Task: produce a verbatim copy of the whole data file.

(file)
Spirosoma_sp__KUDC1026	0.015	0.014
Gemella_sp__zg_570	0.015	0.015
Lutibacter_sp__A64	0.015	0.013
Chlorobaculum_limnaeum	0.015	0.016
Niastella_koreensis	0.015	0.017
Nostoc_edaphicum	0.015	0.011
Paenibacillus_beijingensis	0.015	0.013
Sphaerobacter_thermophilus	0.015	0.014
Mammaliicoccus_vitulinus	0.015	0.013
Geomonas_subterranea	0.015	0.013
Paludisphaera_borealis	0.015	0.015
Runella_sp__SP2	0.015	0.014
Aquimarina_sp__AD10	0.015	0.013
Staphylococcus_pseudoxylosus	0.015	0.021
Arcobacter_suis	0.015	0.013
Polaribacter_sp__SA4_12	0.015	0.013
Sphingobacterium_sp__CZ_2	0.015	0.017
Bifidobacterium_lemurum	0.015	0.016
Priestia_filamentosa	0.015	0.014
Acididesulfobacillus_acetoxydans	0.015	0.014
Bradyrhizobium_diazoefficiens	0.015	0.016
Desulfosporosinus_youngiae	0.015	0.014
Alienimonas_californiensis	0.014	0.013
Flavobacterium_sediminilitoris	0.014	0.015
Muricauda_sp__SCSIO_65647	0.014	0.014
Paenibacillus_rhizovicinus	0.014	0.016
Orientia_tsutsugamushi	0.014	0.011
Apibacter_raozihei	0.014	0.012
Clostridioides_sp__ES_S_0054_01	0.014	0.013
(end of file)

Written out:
Spirosoma_sp__KUDC1026	0.015	0.014
Gemella_sp__zg_570	0.015	0.015
Lutibacter_sp__A64	0.015	0.013
Chlorobaculum_limnaeum	0.015	0.016
Niastella_koreensis	0.015	0.017
Nostoc_edaphicum	0.015	0.011
Paenibacillus_beijingensis	0.015	0.013
Sphaerobacter_thermophilus	0.015	0.014
Mammaliicoccus_vitulinus	0.015	0.013
Geomonas_subterranea	0.015	0.013
Paludisphaera_borealis	0.015	0.015
Runella_sp__SP2	0.015	0.014
Aquimarina_sp__AD10	0.015	0.013
Staphylococcus_pseudoxylosus	0.015	0.021
Arcobacter_suis	0.015	0.013
Polaribacter_sp__SA4_12	0.015	0.013
Sphingobacterium_sp__CZ_2	0.015	0.017
Bifidobacterium_lemurum	0.015	0.016
Priestia_filamentosa	0.015	0.014
Acididesulfobacillus_acetoxydans	0.015	0.014
Bradyrhizobium_diazoefficiens	0.015	0.016
Desulfosporosinus_youngiae	0.015	0.014
Alienimonas_californiensis	0.014	0.013
Flavobacterium_sediminilitoris	0.014	0.015
Muricauda_sp__SCSIO_65647	0.014	0.014
Paenibacillus_rhizovicinus	0.014	0.016
Orientia_tsutsugamushi	0.014	0.011
Apibacter_raozihei	0.014	0.012
Clostridioides_sp__ES_S_0054_01	0.014	0.013